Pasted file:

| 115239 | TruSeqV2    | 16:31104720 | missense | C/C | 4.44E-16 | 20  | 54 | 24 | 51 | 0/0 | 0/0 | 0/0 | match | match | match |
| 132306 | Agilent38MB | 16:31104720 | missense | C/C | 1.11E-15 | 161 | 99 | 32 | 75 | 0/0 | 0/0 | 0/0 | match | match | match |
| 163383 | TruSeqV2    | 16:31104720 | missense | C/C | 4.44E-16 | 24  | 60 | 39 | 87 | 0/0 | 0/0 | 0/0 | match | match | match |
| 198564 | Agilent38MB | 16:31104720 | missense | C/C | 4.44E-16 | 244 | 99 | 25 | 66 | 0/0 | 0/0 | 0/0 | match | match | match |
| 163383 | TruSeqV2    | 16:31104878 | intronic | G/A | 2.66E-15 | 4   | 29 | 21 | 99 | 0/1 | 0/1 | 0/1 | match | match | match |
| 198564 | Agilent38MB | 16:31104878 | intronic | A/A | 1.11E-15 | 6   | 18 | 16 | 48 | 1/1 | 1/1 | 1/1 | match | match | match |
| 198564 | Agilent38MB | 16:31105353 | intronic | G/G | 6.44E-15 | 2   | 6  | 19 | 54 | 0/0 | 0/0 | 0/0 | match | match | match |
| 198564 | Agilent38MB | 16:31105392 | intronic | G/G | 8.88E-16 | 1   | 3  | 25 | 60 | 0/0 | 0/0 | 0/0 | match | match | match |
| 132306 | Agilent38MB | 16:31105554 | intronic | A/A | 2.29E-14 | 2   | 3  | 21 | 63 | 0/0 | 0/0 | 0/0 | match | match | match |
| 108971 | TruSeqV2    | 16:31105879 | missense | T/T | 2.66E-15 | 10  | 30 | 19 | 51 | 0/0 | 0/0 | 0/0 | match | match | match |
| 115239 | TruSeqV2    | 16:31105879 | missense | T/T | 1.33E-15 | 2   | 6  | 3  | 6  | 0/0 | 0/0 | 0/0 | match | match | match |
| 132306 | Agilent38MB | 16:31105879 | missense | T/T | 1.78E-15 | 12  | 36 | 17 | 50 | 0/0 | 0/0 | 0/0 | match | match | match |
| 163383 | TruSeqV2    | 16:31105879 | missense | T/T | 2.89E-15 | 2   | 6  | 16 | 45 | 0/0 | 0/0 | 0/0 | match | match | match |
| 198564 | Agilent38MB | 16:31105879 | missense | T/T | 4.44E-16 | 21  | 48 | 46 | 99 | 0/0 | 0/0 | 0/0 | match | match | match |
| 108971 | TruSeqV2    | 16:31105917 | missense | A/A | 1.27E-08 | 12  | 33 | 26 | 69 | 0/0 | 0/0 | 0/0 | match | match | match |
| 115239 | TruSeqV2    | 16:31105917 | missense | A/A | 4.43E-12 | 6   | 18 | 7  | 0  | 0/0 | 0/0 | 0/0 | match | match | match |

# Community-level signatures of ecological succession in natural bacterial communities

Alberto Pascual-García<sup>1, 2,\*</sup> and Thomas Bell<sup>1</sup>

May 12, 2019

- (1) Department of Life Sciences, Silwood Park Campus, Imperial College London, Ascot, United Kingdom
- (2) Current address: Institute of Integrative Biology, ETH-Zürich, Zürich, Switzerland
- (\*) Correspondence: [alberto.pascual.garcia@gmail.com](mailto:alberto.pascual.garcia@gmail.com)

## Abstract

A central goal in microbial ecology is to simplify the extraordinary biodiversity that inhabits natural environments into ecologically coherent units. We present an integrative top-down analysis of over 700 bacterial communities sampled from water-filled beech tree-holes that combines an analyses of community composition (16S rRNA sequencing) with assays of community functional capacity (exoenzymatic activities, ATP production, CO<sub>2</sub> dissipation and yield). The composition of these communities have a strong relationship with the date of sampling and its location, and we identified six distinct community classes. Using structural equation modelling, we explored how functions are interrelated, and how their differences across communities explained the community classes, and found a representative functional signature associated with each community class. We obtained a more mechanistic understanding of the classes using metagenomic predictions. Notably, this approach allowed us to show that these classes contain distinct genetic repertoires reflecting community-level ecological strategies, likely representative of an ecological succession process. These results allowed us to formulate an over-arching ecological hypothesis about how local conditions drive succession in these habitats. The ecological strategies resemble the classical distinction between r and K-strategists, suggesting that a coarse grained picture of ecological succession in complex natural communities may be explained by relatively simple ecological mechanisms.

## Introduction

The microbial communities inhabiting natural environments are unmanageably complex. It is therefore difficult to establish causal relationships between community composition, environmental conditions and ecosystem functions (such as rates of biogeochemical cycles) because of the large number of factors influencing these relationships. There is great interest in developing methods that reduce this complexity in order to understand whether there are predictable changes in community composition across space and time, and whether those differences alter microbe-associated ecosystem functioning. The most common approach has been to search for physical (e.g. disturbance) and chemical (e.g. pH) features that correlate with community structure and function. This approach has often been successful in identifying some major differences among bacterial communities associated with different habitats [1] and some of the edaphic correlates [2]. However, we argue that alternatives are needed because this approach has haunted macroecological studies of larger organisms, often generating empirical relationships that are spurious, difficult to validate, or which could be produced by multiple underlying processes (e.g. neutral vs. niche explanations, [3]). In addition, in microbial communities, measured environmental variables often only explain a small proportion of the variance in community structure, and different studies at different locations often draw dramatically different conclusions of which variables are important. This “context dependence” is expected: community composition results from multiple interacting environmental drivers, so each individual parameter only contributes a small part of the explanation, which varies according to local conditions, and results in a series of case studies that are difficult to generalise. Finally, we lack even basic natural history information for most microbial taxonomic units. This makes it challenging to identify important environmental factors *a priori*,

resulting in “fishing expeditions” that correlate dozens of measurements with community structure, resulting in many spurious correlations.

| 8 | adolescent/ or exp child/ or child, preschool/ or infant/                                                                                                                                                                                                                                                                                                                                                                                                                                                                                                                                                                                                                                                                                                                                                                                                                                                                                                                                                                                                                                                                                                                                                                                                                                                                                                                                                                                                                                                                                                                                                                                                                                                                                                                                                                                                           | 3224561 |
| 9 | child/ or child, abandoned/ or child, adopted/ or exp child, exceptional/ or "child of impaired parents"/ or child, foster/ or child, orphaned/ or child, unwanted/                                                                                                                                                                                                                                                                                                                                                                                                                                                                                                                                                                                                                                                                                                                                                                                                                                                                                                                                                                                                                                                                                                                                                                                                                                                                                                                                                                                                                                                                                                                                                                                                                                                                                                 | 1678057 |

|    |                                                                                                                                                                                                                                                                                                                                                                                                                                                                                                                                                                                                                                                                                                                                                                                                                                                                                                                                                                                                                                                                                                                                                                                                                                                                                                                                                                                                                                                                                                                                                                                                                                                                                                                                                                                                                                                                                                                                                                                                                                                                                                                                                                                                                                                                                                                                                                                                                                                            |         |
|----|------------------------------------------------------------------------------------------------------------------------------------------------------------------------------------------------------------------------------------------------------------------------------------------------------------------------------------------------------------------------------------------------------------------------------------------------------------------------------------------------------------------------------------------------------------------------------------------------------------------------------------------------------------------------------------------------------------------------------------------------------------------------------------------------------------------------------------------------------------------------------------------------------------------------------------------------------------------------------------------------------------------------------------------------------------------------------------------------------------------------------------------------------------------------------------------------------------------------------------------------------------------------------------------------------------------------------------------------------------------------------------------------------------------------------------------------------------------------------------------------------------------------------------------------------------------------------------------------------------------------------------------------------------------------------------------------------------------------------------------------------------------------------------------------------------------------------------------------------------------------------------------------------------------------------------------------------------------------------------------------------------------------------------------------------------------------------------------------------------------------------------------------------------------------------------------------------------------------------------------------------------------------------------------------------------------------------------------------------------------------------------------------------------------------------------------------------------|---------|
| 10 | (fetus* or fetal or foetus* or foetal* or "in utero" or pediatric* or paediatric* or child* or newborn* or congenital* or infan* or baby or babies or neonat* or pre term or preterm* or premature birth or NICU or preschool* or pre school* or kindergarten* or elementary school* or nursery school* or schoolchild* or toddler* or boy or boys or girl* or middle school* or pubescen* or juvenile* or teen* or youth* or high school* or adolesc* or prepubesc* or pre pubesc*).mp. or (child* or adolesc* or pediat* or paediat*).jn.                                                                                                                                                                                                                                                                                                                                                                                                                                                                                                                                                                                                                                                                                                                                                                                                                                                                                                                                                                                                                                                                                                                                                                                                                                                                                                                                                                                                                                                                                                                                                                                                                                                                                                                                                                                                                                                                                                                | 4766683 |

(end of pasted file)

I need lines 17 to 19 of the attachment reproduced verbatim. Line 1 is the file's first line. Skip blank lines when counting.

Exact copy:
# Community-level signatures of ecological succession in natural bacterial communities

Alberto Pascual-García<sup>1, 2,\*</sup> and Thomas Bell<sup>1</sup>

May 12, 2019